What do the cell phone, the catalytic converter and optical fiber have in common?
A Rutgers Engineering alumnus as co-inventor! Three Rutgers Engineering alumni have been honored by the President of the United States with the National Medal of Technology and Innovation for their significant contributions to these technologies that have literally changed our way of life. They are:
Richard Frenkiel (Master of Science in Engineering Technologies 1965) – for fundamental contributions to the theory, design and development of cellular mobile communications systems. While working as researchers at AT&T's Bell Labs, he and co-inventor Joel Engel played key roles in the creation of AMPS, the first cellular system. For their achievement, they were jointly awarded the National Medal of Technology in 1994 by former President Bill Clinton. The use of cellular telephones has spawned a multi-billion dollar industry and made it possible for us to communicate with each other anytime, anywhere.
Dr. Irwin Lachman (Bachelor of Science in Ceramic Engineering 1952)– for pioneering work resulting in the design and manufacture of the cellular ceramic substrate for catalytic converters that enabled auto manufacturers to develop the first commercially mass-produced automotive catalytic converter. Together with fellow Corning Incorporated researchers Dr. Rodney Bagley and Ronald M. Lewis, he worked to create cordierite extruded honeycomb structures for catalytic converters – the world’s first significant pollution control for automobiles. Today, all automobiles made the world over are equipped with this device, which has reduced pollutants by more than three billion tons worldwide. Dr. Lachman and his co-inventors received the National Medal of Technology in 2003 from former President George W. Bush.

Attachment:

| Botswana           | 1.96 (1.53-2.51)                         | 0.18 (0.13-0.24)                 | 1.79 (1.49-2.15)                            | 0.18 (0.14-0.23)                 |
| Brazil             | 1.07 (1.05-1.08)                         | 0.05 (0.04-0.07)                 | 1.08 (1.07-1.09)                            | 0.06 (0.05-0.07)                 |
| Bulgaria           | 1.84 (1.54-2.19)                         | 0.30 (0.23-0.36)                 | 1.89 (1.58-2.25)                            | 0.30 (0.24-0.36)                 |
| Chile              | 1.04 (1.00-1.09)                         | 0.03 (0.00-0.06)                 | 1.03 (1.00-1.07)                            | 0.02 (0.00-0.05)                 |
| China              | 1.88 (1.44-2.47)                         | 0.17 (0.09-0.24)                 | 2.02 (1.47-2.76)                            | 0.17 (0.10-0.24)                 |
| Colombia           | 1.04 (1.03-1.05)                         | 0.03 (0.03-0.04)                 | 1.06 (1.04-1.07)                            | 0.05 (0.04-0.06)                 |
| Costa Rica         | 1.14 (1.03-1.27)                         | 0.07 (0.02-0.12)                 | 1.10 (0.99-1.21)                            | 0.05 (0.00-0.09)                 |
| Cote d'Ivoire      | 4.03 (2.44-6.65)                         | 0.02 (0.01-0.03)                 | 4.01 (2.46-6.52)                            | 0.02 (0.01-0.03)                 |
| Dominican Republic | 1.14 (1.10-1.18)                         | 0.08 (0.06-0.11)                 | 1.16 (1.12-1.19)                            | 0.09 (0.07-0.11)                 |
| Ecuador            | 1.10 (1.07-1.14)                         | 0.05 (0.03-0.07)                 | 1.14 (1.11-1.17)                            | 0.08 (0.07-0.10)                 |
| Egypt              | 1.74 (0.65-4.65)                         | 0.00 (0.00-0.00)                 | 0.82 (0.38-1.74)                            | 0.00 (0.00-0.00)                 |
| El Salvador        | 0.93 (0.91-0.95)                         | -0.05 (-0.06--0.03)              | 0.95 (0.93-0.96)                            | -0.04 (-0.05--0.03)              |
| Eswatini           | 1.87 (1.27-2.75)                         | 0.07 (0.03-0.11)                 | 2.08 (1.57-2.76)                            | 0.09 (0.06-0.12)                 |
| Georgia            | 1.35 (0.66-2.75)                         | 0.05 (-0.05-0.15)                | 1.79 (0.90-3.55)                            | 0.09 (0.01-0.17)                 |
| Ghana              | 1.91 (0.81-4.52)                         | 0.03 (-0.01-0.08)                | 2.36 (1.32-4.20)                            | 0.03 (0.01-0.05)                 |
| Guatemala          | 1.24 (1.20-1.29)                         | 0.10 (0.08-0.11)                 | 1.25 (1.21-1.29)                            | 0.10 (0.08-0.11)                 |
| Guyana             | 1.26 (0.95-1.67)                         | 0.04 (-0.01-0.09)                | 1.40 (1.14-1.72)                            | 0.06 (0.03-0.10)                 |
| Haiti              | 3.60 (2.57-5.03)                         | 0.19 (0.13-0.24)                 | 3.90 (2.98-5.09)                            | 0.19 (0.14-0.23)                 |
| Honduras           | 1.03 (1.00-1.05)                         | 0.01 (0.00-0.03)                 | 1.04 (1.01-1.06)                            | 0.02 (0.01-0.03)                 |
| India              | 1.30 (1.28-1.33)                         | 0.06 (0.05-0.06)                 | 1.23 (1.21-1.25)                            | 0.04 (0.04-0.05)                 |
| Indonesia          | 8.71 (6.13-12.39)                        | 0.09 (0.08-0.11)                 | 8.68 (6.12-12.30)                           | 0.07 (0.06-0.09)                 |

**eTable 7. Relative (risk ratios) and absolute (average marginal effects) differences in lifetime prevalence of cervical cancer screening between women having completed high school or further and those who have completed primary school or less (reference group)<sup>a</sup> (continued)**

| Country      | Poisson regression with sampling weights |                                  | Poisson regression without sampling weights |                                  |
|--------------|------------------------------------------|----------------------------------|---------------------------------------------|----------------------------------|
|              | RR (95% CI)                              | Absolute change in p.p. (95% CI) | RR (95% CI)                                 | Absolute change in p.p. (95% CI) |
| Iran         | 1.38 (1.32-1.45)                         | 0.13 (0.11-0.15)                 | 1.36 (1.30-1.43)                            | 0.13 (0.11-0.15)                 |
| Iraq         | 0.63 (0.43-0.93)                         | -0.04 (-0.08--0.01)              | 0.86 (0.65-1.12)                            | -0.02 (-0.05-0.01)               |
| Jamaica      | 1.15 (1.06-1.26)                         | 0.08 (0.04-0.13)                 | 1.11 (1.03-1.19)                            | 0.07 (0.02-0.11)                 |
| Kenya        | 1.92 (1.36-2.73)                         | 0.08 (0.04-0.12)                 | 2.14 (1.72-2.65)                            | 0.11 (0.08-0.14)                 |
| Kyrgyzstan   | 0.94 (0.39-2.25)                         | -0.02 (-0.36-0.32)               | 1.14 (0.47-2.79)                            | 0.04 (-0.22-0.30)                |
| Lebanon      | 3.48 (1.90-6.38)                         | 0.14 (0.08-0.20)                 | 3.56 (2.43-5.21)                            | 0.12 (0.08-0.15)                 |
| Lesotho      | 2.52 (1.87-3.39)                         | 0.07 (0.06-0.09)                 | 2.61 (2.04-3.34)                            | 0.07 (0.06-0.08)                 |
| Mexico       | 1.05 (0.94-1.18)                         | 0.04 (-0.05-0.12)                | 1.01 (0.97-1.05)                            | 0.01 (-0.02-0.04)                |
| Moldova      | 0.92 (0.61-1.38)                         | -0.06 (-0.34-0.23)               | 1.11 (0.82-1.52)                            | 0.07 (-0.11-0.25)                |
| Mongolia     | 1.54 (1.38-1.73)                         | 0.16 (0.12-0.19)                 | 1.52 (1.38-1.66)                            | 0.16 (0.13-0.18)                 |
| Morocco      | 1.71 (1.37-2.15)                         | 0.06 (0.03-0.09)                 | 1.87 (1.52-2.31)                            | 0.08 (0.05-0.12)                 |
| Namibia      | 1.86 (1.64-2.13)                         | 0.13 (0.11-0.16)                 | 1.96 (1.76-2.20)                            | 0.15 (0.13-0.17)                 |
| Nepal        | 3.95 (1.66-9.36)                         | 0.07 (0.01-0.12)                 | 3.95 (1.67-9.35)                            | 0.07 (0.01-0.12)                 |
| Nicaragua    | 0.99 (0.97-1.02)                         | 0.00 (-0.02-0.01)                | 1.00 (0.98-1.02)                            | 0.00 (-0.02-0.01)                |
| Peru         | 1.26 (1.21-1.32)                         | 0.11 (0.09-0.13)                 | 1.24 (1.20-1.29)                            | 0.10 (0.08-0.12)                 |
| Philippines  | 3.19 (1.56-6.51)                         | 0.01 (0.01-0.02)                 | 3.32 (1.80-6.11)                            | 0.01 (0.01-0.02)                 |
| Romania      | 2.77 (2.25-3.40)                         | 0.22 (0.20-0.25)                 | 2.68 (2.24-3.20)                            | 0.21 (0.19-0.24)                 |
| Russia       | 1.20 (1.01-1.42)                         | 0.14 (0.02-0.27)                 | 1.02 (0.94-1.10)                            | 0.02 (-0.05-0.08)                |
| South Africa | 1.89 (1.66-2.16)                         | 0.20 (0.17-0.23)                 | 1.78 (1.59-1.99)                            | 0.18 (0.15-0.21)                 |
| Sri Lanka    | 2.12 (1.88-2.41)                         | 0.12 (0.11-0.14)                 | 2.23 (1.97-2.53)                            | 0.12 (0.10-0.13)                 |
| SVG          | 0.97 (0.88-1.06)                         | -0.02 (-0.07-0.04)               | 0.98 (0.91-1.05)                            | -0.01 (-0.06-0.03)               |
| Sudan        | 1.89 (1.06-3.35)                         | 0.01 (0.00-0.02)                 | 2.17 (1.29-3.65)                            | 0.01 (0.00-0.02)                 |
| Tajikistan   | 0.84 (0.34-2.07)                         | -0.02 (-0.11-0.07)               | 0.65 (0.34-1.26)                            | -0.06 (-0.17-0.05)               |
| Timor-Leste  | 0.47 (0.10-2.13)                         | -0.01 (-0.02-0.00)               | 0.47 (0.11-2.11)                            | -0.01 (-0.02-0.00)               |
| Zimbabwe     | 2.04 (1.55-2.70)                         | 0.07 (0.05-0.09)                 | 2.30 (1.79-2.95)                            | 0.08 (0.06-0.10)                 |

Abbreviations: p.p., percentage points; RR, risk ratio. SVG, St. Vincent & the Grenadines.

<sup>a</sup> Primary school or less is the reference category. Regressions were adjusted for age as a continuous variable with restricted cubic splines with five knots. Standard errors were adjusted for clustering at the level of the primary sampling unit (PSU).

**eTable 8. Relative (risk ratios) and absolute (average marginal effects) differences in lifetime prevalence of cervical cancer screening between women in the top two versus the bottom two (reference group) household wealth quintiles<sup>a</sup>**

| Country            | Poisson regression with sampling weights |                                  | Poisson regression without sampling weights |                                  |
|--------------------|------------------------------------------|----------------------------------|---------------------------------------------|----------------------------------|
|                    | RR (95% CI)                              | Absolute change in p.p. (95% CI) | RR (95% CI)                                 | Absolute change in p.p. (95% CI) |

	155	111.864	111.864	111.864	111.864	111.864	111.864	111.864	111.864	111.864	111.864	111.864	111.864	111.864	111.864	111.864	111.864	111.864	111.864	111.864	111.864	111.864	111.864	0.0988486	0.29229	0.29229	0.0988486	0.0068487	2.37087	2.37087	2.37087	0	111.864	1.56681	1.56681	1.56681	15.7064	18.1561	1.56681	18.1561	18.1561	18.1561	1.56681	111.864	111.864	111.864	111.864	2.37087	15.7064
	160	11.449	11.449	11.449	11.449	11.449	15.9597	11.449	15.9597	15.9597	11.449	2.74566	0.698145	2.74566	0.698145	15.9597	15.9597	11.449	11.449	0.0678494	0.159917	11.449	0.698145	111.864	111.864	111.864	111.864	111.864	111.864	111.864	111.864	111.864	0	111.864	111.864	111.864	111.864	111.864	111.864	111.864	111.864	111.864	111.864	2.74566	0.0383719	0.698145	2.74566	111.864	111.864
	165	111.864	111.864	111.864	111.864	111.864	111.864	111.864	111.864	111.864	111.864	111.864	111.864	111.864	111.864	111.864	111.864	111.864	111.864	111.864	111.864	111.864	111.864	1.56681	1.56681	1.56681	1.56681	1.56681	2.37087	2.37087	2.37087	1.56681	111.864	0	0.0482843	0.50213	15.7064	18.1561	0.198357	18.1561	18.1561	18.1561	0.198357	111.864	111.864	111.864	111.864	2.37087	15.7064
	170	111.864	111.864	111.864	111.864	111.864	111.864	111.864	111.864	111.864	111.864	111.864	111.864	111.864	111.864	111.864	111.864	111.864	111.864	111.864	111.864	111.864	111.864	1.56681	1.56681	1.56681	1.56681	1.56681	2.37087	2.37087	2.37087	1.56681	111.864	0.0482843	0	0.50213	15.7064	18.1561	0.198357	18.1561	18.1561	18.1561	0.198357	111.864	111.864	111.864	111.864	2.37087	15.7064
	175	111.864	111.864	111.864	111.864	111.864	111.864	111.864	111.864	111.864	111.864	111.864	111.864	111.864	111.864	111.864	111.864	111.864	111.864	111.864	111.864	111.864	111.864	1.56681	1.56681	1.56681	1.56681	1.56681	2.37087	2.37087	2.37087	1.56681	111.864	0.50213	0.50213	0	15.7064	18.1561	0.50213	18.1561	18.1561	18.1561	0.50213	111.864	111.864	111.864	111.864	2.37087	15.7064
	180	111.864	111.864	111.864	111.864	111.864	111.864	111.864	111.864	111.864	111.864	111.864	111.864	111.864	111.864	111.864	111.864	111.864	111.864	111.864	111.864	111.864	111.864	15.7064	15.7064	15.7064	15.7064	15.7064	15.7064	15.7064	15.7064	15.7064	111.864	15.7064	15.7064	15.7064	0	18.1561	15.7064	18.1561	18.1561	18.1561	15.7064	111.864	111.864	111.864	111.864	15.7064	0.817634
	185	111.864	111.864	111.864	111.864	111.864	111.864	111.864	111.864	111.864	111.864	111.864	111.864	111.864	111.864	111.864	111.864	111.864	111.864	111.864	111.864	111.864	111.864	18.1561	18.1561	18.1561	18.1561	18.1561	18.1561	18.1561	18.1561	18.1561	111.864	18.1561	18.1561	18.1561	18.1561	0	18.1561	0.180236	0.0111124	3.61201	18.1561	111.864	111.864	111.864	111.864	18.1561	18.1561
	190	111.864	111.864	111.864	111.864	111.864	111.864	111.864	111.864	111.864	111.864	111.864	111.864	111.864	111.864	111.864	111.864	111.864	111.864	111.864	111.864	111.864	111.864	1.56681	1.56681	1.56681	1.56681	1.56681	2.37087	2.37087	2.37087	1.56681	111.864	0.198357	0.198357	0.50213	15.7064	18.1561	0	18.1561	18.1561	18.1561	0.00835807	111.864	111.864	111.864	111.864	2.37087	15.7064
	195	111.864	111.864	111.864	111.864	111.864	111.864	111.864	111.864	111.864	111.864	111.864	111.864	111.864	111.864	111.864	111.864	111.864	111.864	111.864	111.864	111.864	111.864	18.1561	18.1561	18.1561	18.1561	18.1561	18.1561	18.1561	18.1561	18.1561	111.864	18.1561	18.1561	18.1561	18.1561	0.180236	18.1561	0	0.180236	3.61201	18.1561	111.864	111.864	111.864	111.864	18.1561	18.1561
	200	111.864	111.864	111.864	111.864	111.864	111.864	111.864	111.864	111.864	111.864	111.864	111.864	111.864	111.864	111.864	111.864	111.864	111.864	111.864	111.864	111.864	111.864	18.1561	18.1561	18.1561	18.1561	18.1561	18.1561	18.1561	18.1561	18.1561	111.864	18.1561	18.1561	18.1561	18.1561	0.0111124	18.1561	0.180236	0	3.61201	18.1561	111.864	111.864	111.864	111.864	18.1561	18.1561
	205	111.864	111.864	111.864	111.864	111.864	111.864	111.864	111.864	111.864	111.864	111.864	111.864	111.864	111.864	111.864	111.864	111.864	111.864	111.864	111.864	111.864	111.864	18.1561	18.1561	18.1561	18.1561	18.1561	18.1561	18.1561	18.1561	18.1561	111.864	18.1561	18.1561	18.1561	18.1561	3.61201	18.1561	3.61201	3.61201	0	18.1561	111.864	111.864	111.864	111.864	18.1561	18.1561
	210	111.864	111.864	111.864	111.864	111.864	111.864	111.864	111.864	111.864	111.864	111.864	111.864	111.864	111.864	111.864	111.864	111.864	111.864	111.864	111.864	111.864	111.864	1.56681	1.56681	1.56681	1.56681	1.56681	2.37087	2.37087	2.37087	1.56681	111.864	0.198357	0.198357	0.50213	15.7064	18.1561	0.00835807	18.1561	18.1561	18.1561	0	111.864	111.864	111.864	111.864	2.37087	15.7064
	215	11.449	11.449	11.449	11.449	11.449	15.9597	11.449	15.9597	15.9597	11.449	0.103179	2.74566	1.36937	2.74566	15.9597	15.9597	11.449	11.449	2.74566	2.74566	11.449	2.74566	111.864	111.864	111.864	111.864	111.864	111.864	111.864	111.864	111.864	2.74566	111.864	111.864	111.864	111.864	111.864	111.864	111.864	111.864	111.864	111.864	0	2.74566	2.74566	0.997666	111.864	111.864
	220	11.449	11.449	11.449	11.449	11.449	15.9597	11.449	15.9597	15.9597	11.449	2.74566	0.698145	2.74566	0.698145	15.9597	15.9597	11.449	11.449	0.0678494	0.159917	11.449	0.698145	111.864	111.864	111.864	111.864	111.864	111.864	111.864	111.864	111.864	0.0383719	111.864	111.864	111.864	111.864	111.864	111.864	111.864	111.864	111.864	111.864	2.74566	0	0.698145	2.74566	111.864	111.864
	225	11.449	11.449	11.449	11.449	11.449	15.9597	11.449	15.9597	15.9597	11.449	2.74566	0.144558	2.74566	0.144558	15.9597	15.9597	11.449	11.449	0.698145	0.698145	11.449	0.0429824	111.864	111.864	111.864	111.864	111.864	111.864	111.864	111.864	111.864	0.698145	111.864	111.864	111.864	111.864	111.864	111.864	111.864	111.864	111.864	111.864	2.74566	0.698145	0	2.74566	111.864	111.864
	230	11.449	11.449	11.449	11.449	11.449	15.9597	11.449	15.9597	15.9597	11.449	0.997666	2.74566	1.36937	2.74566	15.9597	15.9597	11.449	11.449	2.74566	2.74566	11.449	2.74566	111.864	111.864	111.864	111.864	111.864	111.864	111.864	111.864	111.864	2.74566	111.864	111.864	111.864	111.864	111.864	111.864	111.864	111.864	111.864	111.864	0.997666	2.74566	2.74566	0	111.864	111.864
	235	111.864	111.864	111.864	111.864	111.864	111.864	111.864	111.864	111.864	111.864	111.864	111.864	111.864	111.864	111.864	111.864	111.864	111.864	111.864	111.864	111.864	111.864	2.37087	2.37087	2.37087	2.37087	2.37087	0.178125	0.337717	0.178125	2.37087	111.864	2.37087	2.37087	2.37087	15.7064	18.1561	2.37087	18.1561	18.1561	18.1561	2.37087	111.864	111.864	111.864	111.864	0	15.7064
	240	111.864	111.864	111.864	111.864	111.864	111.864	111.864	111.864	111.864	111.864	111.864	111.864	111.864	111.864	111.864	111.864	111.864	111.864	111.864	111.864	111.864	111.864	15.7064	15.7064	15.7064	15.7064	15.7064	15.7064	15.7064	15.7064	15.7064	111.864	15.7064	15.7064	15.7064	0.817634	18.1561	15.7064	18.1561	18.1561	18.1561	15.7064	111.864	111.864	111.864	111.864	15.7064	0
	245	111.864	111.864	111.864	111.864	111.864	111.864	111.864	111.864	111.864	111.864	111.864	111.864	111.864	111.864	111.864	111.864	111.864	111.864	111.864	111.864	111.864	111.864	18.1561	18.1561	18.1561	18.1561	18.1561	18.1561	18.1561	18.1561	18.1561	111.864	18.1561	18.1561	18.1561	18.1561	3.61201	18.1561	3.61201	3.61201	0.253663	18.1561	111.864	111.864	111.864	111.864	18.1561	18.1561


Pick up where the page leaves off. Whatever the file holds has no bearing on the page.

President William Clinton congratulates
Peter C. Schultz, Ph.D., upon receiving
the National Medal of Technology,
Dr. Peter C. Schultz (Bachelor of Science in Ceramic Engineering 1964 and Doctor of Philosophy in Ceramic Science 1967)– for co-inventing low-loss fiber optic cable together with Corning Incorporated fellow researchers, Drs. Donald B. Keck, Robert D. Maurer. This invention has enabled the telecommunications revolution and rapidly transformed our society, the way we work, learn and live - and our expectations for the future. It is the basis for one of the largest, most dynamic industries in the world today. Dr. Schultz received the National Medal of Technology in 2000 from former President Bill Clinton.